I am pleased to see that our paper:
Urban Low Emissions Zones A Behavioral Operations Management Perspective
is published now in the journal Transportation Research Part A: Policy and Practice. This is joint work with Virginie Lurkin and Julien Hambuckers. I can be freely downloaded here.
Environmental traffic restrictions are increasingly implemented in a large number of cities. One popular strategy consists in setting up Low Emission Zones (LEZs) that regulate or restrict the access to a dedicated urban area, for different classes of polluting vehicles. While LEZs are growing in numbers, there is a lack of objective evidence on when and how they actually contribute in reducing air pollution.
The main objective of this paper is to show how different LEZ setups lead to different impacts on air pollution. To do so, we use a conceptual framework based on simulated traffic data and behavioral hypotheses.
We identify three main dimensions (in short, VAT) for setting up LEZs.
- Vehicle. Depending upon the fuel used (diesel, gasoline, electricity, etc.) and/or engine age, access to the LEZ is limited. Usually, older vehicles (e.g. based on the Euro emissions standards) are banned from the LEZ area, assuming this leads to a better living environment for the inhabitants. In the extreme case, we have a zero-emission zone (ZEZ) where only zero-emission vehicles (e.g. electric vehicles) are allowed.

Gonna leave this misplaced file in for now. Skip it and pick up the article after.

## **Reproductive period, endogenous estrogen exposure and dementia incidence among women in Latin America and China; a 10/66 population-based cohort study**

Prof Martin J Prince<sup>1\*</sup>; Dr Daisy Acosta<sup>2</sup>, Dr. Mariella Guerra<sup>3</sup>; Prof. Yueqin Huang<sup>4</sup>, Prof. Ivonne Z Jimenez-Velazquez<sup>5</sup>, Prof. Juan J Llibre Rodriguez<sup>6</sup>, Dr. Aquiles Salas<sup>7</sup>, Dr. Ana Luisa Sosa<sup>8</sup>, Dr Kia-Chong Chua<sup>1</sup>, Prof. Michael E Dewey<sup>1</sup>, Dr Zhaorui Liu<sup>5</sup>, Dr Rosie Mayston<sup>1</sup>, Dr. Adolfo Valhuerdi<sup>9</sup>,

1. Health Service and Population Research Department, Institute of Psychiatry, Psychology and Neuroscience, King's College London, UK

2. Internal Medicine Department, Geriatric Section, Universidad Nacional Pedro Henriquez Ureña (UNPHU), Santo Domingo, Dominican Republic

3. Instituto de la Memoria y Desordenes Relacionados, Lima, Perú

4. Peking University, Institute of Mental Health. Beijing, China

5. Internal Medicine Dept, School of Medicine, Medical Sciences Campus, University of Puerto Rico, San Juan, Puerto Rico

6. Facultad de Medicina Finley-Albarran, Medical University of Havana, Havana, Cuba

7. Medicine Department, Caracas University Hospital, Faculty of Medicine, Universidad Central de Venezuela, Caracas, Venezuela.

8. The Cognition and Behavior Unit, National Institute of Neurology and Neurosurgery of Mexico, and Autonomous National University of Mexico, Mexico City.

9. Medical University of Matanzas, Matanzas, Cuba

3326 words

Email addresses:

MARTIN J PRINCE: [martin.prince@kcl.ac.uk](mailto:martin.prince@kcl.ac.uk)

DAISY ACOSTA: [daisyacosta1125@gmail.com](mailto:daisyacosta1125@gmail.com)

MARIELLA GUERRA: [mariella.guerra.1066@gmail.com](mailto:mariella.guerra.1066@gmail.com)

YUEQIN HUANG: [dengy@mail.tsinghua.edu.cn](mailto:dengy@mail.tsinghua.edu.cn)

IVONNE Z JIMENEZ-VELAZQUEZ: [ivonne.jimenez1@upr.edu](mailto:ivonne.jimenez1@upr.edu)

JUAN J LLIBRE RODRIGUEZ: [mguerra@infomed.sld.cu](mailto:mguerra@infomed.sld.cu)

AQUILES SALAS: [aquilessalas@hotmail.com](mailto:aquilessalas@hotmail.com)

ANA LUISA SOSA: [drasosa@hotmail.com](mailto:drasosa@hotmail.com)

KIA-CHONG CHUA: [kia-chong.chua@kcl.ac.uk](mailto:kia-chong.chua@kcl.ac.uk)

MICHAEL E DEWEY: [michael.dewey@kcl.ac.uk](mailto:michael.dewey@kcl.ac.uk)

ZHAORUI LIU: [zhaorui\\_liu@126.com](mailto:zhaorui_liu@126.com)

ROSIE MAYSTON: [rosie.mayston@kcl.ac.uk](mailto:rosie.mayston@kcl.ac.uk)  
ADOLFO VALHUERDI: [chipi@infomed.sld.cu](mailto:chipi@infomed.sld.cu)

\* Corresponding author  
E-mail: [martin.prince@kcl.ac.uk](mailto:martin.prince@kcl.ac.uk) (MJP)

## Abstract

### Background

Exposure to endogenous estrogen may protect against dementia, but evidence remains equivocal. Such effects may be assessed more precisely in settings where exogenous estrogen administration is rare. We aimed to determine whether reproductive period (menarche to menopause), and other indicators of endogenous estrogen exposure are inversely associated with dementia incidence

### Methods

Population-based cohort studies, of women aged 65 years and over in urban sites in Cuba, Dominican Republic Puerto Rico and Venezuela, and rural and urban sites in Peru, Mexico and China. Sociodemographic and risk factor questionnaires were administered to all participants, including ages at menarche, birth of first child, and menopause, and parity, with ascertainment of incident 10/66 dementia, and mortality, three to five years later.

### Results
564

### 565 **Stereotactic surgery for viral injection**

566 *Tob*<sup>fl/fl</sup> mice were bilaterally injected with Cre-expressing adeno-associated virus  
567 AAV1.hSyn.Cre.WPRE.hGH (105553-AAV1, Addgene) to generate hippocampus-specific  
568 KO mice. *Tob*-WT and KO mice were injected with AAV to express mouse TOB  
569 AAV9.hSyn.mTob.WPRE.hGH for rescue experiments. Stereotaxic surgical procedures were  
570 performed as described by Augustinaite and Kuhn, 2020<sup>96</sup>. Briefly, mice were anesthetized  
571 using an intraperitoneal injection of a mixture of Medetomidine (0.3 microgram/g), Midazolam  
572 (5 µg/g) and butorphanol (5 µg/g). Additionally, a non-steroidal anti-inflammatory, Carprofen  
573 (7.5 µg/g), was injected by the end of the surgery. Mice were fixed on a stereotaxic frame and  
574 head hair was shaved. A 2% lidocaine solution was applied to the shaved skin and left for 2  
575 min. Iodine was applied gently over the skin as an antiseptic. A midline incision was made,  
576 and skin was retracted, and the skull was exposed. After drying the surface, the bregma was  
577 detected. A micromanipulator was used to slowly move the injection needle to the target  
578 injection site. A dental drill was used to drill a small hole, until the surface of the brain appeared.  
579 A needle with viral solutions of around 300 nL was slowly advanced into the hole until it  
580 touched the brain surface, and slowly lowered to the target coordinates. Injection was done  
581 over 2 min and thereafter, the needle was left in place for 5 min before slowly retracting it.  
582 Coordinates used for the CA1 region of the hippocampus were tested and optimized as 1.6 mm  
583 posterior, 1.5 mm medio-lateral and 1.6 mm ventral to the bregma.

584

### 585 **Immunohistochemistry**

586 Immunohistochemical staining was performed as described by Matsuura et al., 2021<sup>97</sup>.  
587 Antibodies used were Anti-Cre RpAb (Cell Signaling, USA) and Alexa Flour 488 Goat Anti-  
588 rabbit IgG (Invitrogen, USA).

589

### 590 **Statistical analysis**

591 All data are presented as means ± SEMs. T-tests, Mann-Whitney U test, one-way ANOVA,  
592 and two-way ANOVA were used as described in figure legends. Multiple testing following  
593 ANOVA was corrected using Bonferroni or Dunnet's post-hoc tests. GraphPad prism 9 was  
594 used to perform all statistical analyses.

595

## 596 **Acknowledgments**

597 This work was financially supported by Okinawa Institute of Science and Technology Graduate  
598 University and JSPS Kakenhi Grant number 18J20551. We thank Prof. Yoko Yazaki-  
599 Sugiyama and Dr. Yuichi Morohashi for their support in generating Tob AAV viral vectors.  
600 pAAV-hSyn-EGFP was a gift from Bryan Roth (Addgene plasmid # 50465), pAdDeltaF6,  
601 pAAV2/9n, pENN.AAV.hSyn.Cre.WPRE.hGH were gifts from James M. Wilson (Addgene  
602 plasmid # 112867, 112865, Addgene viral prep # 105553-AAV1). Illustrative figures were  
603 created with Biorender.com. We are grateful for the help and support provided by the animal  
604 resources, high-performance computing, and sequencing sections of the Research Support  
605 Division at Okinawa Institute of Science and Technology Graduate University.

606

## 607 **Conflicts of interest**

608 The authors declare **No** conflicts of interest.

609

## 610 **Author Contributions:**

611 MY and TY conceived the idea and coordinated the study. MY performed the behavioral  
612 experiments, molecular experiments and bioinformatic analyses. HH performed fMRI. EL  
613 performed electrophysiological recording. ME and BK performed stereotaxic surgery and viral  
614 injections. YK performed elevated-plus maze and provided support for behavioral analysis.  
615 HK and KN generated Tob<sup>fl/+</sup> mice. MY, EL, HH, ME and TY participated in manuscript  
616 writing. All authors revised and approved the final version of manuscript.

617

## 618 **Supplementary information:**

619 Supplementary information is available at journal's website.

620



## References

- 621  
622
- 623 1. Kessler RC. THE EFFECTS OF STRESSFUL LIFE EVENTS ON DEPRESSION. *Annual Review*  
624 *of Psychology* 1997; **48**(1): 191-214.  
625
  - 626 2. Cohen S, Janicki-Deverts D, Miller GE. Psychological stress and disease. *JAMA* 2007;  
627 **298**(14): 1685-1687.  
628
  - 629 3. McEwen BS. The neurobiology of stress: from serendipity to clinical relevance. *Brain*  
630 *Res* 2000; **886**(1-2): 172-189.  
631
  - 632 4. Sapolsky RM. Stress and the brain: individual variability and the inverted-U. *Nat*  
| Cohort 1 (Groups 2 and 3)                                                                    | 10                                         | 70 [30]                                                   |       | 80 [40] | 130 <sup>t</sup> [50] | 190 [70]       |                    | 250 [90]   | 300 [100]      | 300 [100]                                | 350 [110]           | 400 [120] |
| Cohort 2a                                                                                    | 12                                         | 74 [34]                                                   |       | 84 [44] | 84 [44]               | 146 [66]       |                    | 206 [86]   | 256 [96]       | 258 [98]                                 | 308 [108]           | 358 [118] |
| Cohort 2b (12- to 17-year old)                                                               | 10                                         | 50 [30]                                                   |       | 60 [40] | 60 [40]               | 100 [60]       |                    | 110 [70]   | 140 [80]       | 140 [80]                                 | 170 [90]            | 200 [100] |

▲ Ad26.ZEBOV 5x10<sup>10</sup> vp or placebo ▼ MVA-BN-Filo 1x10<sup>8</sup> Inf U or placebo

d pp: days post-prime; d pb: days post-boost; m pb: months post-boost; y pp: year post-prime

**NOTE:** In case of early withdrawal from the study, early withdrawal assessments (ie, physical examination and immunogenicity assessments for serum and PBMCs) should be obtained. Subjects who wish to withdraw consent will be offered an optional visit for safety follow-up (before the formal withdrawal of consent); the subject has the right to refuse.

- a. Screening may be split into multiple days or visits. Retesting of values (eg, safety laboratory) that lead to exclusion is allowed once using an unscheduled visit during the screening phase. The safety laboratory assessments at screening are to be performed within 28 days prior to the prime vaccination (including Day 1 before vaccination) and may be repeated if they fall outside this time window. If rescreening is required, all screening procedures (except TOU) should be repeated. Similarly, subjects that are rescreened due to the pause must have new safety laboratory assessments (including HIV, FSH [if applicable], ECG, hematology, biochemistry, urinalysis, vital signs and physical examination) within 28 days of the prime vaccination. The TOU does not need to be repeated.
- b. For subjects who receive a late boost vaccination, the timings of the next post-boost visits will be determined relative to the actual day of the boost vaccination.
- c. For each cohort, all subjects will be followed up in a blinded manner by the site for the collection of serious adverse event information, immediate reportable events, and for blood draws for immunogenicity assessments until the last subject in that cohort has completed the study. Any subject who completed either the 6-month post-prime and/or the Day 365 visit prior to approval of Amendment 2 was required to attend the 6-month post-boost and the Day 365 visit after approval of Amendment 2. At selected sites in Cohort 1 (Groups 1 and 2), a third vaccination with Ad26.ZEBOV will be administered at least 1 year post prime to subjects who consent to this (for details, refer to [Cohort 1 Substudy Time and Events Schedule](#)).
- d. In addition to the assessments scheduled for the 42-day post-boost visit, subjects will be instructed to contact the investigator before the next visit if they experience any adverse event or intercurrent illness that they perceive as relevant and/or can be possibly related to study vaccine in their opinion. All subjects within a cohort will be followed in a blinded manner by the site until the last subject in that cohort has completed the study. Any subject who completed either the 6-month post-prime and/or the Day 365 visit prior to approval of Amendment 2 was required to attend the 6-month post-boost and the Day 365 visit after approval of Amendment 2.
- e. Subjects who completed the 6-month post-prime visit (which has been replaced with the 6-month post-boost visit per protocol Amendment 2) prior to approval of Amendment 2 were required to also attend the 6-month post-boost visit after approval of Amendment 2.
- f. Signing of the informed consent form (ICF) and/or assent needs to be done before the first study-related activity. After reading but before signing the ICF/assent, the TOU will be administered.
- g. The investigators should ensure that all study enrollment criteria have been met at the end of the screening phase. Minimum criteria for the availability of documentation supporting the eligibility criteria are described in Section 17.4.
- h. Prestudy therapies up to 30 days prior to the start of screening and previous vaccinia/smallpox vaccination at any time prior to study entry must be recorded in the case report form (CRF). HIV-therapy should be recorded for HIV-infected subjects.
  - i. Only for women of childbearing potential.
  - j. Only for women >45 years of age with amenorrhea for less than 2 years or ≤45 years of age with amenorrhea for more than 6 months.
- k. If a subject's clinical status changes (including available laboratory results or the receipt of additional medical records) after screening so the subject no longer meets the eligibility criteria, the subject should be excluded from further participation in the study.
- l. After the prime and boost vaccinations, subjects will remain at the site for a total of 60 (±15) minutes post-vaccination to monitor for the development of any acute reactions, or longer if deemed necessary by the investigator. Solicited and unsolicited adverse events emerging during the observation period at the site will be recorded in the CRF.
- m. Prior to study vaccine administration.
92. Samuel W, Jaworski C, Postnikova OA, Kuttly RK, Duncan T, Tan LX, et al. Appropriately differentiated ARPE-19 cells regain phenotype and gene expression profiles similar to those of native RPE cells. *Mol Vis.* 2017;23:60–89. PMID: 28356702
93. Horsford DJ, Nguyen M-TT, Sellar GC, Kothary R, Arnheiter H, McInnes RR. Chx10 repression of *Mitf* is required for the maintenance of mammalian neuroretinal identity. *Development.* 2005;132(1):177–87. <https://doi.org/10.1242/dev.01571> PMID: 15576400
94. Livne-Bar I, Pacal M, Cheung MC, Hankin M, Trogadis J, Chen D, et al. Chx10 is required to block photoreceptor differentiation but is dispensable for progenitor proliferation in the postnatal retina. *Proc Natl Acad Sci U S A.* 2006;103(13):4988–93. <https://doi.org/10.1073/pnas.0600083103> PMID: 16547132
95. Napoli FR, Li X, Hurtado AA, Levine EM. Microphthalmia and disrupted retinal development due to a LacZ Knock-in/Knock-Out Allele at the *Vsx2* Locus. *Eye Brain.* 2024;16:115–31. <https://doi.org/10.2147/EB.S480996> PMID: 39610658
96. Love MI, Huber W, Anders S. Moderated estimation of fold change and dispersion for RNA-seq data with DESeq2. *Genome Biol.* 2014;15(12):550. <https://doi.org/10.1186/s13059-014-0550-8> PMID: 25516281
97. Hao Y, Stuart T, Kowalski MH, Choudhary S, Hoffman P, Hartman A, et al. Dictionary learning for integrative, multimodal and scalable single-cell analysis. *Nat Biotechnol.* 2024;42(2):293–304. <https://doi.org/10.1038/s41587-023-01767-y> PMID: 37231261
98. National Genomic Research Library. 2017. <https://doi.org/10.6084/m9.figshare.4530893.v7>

- Area. The actual geographical region depicted as LEZ is an important dimension. A large number of variations exist, ranging from streets, over neighborhoods, to complete downtown areas.
- Time. This refers to the time period during which the LEZ is “open” for vehicles. Some LEZs do not allow vehicles to enter a given city area during certain periods of time.
Our analysis highlights that the impact of LEZ on air pollution does not only depend on the severity of the operational rules, but also on its interaction with the behavior adopted by road users, and calls for ex ante considerations of these aspects before establishing the LEZ.
Important is to assess the impact of bypassing the LEZ. An increase in emissions outside the LEZ arises from additional distance covered by road users who chose to bypass the zone. These extra kilometers traveled induce extra emissions, illustrating the importance of including road users’ behavior when assessing the effectiveness of LEZs.